A DuPont Co. study found high levels of the toxic chemical C8 in the blood of residents near its Parkersburg plant, according to documents provided to federal regulators.
Nov. 18A DuPont Co. study found high levels of the toxic chemical C8 in the blood of residents near its Parkersburg plant, according to documents provided to federal regulators.
DuPont tested the blood of a dozen residents who were named plaintiffs in a class-action suit against the company over C8 pollution.
The tests found that the residents had an average concentration of 67.5 parts per billion of C8.
That's between 12 and 20 times greater than the concentrations in the general U.S. population that led the U.S. Environmental Protection Agency to launch a "priority review" of C8's dangers.
They are, however, much lower than the concentrations that had been predicted by a DuPont computer model to be in the blood of Wood County residents.
Results of the DuPont blood tests were provided to the EPA on Sept. 15 less than one week after lawyers for both sides announced a $107.6 million settlement in the C8 case against DuPont.
Rob Bilott, a lawyer for the residents, had apparently obtained the results as part of discovery in the case, and sent them to the EPA.
The results were contained in a 10-page July 2004 report from a DuPont contractor, Exygen, that was buried among thousands of pages of documents on file as part of the EPA's review of C8.
On Wednesday, the Washington, D.C.-based Environmental Working Group posted the report on its Web site, www.ewg.org.
The organization also wrote to the EPA to complain that DuPont never disclosed the study results to federal regulators.
C8 is another name for perfluorooctanoate, and is also known as perfluorooctanoic acid, or PFOA.
At its Washington Works plant south of Parkersburg, DuPont has used C8 for more than 50 years in the production of Teflon. The popular product is best known for its use on nonstick cookware, but it is also used in everything from waterproof clothing to stain-repellent carpet and ball-bearing lubricants.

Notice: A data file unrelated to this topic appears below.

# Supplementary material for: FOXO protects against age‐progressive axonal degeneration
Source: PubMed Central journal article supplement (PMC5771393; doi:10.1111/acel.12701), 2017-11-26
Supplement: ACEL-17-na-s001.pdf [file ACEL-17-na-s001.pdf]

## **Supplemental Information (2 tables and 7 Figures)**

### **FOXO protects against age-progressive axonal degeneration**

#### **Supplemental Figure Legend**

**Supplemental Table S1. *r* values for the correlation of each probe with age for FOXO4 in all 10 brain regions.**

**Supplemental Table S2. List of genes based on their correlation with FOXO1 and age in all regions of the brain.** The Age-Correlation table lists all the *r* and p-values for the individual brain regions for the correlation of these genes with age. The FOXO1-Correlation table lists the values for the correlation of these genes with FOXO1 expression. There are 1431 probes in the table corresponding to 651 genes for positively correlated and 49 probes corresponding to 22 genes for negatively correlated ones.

For years, C8 and DuPont's emissions of it have been basically unregulated. But in the past few years, C8 has come under increasing scrutiny.
In September 2002, the EPA launched its review of C8 and related chemicals, in response to studies that linked them to developmental and reproductive problems, liver toxicity and cancer. The EPA has repeatedly delayed the release of the results of that review.
Now, DuPont is fighting a lawsuit, filed by the EPA in June, that alleges the chemical giant for more than 20 years concealed information about the health hazards of C8.
The EPA could impose more than $300 million in fines. An initial hearing in the case is scheduled for mid-December.
"Once again, Teflon maker DuPont has ignored its most basic legal responsibilities to the American public," said Richard Wiles, senior vice president at the Environmental Working Group.
In a prepared statement, DuPont lawyer Stacey Mobley called the group's statements "irresponsible and alarmist."
Mobley said that the levels in the blood study were below what DuPont has found in worker studies "where we have not observed any adverse health effects."
In its letter to the EPA, the Environmental Working Group noted that a draft federal report in 2003 "documented Teflon chemical levels among female children and adult women as falling far outside of standard agency safety margins."
The new DuPont study, the organization said, shows that C8 concentrations in DuPont plant neighbors are even worse.
"How could the company have thought that this was not of immediate relevance to your agency's decision making, and that it was not legally required to give you the study results," the working group said in its letter to the EPA.
The broader public release of the DuPont study comes at an awkward time for lawyers for the residents and the company.
On Tuesday, Wood Circuit Judge George Hill has scheduled a hearing to discuss the proposed class-action settlement.
Under that deal, DuPont would pay $107.6 million, including $22.6 million to cover legal fees and costs for the residents.
DuPont would provide, at a cost of about $10 million, six local water plants with new equipment to reduce the amount of C8 in their water supplies.
The company would pay $5 million for a study of potential health effects of exposure to C8.
Depending on the outcome of that study, DuPont could also end up on the hook for $235 million for future medical monitoring for 50,000 or more neighbors of the Washington Works plant.
But as of Wednesday, a formal settlement document had not yet been filed in Wood Circuit Court.
Before it can take effect, the settlement is subject to a public comment hearing and must be approved by the judge.
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Â© 2004, The Charleston Gazette, W.Va. Distributed by Knight Ridder/Tribune Business News.